Elizabeth Gilbert, author of Eat Pray Love, talks about the mysteries and frustrations of the creative process. Below the video is a sampling of free associations from when I watched the video myself.
03:50 "Somehow we've completely internalized and accepted, collectively, this notion that creativity and suffering are somehow inherently linked. And that artistry, in the end, will always ultimately lead to anguish. ...I'm not at all comfortable with that assumption. I think it's odious, and I also think it's dangerous. And I also don't want to see it perpetuated into the next century."
I remember my Dad, the artist. He was creative in many areas of his life - gardening, cooking, pottery, weaving, calligraphy, teaching, raising a daughter. He tried many things, and never restricted himself to a single medium.
Origins of the words "Genie" and "Genius"
Genie "mid 17th century (denoting a guardian or protective spirit): from French génie, from Latin genius (see genius). Génie was adopted in the current sense by the 18th-century French translators of The Arabian Nights' Entertainments, because of its resemblance in form and sense to Arabic jinni 'jinnee'"
Genius "late Middle English: from Latin, 'attendant spirit present from one's birth, innate ability or inclination', from the root of gignere 'beget'. The original sense 'spirit attendant on a person' gave rise to a sense 'a person's characteristic disposition' (late 16th century), which led to a sense 'a person's natural ability', and finally 'exceptional natural ability' (mid 17th century)"
09:25 "There's probably people in this audience who would raise very legitimate scientific suspicious about the notion of, basically, fairies who follow people around, like, rubbing fairy juice on their projects... Why not think about it this way? Because it makes as much sense as anything else I have ever heard in terms of explaining the utter, maddening capriciousness of the creative process."
11:57 "I'm not the pipeline. I'm a mule. And the way that I have to work is that I have to get up at the same time every day and sweat, and labor, and barrel through it really awkwardly. But even I, in my mulishness, have brushed up against that thing."
That thing, I've felt it. A quickening of the pulse, a brush with a tangent universe in which my painting is finished and brilliantly realized. I can suddenly see where I need to go.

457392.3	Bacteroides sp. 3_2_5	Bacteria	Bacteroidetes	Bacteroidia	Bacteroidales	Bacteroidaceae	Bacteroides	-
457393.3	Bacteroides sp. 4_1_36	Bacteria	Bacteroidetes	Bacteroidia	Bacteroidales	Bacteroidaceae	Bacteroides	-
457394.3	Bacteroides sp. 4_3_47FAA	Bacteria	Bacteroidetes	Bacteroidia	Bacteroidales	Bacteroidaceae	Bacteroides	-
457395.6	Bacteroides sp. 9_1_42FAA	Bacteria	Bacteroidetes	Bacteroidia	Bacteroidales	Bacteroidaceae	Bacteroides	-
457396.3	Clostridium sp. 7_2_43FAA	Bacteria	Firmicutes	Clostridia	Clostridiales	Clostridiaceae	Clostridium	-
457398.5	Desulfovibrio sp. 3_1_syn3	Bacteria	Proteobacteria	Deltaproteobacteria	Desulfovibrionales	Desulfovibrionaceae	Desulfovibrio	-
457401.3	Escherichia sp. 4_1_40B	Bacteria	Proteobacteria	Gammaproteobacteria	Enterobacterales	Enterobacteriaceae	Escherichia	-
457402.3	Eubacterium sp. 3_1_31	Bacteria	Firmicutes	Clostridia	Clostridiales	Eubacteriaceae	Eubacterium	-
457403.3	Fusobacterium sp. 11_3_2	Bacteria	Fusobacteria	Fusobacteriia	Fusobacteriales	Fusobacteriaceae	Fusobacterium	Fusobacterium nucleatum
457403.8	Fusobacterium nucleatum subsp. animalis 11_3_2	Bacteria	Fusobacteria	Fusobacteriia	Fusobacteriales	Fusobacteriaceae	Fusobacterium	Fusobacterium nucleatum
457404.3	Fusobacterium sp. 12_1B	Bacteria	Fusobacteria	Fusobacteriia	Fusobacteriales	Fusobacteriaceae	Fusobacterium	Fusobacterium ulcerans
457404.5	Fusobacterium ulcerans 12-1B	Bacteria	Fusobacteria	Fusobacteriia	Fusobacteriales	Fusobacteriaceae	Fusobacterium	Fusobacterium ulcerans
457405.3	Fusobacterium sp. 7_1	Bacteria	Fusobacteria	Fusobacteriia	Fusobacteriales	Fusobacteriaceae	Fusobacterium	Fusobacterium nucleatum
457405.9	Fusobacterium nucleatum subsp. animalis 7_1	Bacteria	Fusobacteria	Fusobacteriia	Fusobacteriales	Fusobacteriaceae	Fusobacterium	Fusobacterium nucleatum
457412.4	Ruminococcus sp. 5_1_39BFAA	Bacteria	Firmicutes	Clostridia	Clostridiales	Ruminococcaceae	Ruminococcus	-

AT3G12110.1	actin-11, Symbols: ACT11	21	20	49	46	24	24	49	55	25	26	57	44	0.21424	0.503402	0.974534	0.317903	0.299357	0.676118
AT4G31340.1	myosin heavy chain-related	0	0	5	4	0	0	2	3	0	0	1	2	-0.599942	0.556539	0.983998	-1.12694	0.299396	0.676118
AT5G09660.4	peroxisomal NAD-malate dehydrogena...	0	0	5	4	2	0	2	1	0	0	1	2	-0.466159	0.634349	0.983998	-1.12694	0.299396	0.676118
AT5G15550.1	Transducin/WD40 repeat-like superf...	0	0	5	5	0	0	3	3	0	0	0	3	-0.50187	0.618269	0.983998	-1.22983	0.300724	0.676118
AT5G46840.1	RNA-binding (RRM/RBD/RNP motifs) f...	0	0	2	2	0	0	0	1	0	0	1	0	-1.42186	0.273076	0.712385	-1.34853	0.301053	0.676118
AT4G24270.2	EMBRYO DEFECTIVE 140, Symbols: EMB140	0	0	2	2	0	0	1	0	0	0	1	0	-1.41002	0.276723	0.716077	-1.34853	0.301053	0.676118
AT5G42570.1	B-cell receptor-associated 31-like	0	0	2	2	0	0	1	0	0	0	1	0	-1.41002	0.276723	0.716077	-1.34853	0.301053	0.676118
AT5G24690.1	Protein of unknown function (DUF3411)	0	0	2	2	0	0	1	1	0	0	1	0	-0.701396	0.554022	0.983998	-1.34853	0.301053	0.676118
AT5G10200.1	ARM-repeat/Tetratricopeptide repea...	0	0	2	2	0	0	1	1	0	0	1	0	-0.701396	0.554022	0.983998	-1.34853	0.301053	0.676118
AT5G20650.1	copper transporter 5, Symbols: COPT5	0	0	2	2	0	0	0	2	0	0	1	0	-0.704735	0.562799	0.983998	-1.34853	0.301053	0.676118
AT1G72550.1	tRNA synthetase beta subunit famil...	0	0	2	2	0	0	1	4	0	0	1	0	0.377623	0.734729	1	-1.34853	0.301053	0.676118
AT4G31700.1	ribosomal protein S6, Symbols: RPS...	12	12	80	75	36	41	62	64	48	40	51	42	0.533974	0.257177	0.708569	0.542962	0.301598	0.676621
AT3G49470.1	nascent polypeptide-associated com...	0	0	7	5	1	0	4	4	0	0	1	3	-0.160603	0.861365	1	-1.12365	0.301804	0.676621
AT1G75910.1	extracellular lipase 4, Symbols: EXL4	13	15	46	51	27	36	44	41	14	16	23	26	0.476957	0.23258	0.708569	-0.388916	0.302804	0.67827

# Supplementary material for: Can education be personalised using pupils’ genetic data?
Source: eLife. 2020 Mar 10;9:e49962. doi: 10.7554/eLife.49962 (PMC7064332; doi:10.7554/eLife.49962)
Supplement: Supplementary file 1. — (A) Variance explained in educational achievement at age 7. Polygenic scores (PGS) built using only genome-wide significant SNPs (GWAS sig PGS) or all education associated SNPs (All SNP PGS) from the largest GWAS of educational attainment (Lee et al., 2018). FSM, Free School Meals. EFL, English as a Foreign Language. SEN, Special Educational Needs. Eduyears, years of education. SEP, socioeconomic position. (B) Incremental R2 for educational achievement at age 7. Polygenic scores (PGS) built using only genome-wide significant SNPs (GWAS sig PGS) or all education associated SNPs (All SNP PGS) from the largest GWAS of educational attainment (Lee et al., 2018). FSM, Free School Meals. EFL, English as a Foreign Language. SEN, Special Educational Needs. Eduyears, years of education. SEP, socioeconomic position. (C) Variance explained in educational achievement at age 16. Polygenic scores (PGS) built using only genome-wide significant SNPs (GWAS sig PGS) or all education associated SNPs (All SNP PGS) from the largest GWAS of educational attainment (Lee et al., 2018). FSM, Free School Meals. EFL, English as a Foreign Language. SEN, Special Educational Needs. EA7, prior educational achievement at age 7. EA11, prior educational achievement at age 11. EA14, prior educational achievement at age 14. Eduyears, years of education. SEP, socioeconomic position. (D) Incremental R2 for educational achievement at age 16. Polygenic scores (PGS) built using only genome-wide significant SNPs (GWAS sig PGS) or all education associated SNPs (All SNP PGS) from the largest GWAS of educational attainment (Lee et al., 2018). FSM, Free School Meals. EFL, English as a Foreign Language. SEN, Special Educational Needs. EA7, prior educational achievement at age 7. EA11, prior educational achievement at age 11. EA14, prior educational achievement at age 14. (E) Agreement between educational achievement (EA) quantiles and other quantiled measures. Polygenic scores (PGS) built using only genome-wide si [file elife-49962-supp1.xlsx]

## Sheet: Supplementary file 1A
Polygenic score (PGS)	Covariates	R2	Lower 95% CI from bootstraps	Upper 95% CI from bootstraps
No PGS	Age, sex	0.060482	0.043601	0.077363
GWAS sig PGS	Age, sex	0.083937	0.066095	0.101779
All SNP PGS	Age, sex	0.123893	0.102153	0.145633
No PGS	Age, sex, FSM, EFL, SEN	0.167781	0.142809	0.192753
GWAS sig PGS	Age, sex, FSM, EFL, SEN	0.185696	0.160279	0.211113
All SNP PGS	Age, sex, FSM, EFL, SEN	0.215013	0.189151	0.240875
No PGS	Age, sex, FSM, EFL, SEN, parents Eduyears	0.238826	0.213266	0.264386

Because That's My Job
But it doesn't come all at once, except perhaps once every great while. I have to get up at the same time every day and go into the studio and work. I work to be workful. I pursue relaxed concentration.
How lucky the students of University of Wisconsin - Madison are to have the chance to take Lynda Barry's next class! The Unthinkable Mind will be "A writing and picture-making class with focus on the basic physical structure of the brain with emphasis on hemispheric differences and a particular sort of insight and creative concentration that seems to come about when we are using our hands (the original digital devices) to help us figure out a problem." Sadly, I am not a student at UW, but I hope that Ms. Barry will share her students' work on The Nearsighted Monkey like she did for the What It Is class.
14:58 "So I just lifted my face up from the manuscript and I directed my comments to an empty corner of the room, and I said aloud, 'Listen, you, thing. You and I both know that if this book isn't brilliant, that is not entirely my fault, right? Because you can see that I am putting everything I have into this. I don't have any more than this. So if you want it to be better, then you gotta show up and do your part of the deal, okay? But if you don't do that, you know what? The hell with it. I'm going to keep writing anyway because that's my job."
What does my genie look like?
And, coincidentally, The Oatmeal's take on being a content creator (whole comic very much NSFW):
"Art is not born in a vacuum, but it's not born inside a tornado full of shrieking trolls, either."